Gut health is one of the key consumer trends driving product innovation in the food and beverage industry. And one of the keys to managing gut health is a high-fiber diet.
Most Americans (86%) have tried or are interested in trying high-fiber food and beverages for digestive health. And this growing interest shows in sales data — for the year-long period ending January 24, 2021, sales of products containing functional fiber grew 7%, while those of products with high-fiber claims jumped almost 12%.
Here’s why consumers are reaching for more of these products and how to mix more fiber into baked goods.
The benefits of fiber-enriched foods
Gut health isn’t the only reason fiber-rich diets are important. Studies have shown that those who consume adequate amounts of fiber have a decreased risk of developing health problems like heart disease, high blood pressure, and diabetes. Fiber also aids weight management and helps prevent obesity.
But despite the wealth of health benefits, most Americans aren’t getting enough fiber in their daily diets — only 5% of men and 9% of women are consuming the recommended amount of 14 grams of fiber per 1,000 calories. Adding more fiber to foods can help consumers reach their daily fiber intake goals and improve their overall health.
Boosting fiber content in baked goods
For foods to qualify for “good source of fiber” claims, they must contain at least 2.5 grams of fiber per serving, while foods with 5 grams or more can boast “high-fiber” claims.
Whole grains, nuts and seeds, legumes, and fruits and vegetables are all good sources of intrinsic and intact dietary fiber, meaning fiber is naturally-occurring in these foods and hasn’t been removed from them. There are also several non-digestible carbohydrates that the FDA recognizes as fiber, including beta-glucan, cellulose, inulin, and gums.
Increasing fiber in baked goods can be as simple as switching to a whole grain flour (e.g., whole wheat, oat, rye, etc.). Less common grains like quinoa, spelt, and kamut, as well as other high-fiber sources like citrus fiber and chicory root fiber, will also boost total fiber content. But it may take a careful combination of naturally-occurring fibers and isolated or synthetic fibers to reach the levels required for fiber-related label claims.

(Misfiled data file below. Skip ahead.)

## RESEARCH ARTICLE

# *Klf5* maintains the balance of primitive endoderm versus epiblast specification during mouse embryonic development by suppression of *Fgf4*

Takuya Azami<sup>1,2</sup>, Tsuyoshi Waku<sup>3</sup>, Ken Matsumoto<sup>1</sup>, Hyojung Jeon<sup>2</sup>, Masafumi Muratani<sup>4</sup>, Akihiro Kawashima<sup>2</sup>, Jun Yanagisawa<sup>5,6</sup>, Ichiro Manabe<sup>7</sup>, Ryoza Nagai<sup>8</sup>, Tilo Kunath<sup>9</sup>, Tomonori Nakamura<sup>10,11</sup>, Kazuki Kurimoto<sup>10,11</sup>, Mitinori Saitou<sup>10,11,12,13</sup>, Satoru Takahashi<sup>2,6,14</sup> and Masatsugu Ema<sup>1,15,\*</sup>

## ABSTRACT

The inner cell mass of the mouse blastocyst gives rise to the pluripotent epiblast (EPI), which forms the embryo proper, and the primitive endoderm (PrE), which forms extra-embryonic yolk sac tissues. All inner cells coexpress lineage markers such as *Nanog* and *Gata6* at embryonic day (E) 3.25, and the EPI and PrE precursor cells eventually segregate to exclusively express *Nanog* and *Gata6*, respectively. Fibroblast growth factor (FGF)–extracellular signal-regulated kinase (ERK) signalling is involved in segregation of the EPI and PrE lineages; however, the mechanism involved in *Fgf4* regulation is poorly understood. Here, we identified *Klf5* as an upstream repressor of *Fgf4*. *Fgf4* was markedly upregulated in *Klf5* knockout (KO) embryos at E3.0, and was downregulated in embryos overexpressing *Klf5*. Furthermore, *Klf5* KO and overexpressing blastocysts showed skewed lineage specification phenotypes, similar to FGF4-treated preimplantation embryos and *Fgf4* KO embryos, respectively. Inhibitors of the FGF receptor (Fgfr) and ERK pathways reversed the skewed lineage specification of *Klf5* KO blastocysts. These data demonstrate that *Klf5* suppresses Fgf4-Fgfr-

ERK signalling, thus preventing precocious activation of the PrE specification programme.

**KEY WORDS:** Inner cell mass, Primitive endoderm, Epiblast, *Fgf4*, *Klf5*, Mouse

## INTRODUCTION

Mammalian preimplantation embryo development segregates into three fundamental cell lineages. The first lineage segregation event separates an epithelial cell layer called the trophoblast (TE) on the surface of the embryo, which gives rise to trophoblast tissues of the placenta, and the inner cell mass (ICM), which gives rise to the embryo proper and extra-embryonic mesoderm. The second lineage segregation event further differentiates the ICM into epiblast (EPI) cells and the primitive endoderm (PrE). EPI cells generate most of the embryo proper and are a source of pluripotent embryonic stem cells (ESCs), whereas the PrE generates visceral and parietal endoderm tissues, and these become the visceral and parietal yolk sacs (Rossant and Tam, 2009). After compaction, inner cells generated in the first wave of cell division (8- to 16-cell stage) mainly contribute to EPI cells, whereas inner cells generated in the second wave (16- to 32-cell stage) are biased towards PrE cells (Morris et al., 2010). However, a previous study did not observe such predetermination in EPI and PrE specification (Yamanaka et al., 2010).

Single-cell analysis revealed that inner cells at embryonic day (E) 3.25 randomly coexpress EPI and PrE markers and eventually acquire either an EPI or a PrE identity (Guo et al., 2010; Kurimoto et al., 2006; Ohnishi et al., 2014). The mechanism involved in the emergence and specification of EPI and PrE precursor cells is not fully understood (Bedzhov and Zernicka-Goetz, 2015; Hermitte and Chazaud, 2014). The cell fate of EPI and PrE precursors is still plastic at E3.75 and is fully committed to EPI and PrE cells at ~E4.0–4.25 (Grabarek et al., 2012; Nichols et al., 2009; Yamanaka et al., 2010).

The impact of high-fiber on processing
In formulations, fiber can help reduce added sugar, fat, and calories, as well as improve nutritional content and texture. While this generally creates a healthier product, it also means that some foods are better suited for high-fiber recipes than others, particularly those that are lower in sugar such as breads, biscuits, and crackers.
High-fiber content can affect the look, taste, and texture of baked goods. It may also impact dough processing, including mixing stability and development time. The main challenge is managing water absorption and preventing the final product from becoming too dry, browned, dense, grainy, or crumbly.
The solution to these processing challenges depends on the application. Insoluble fibers are best for breads, because soluble fibers tend to interfere with fermentation and proofing. Enzymes (phytase, alpha-amylase, xylanase, or enzyme treated fiber) and gluten also help improve the overall quality of high-fiber baked goods.
Looking to add more high-fiber products to your line? Naegele can help you design the perfect process. Contact us to plan your next product.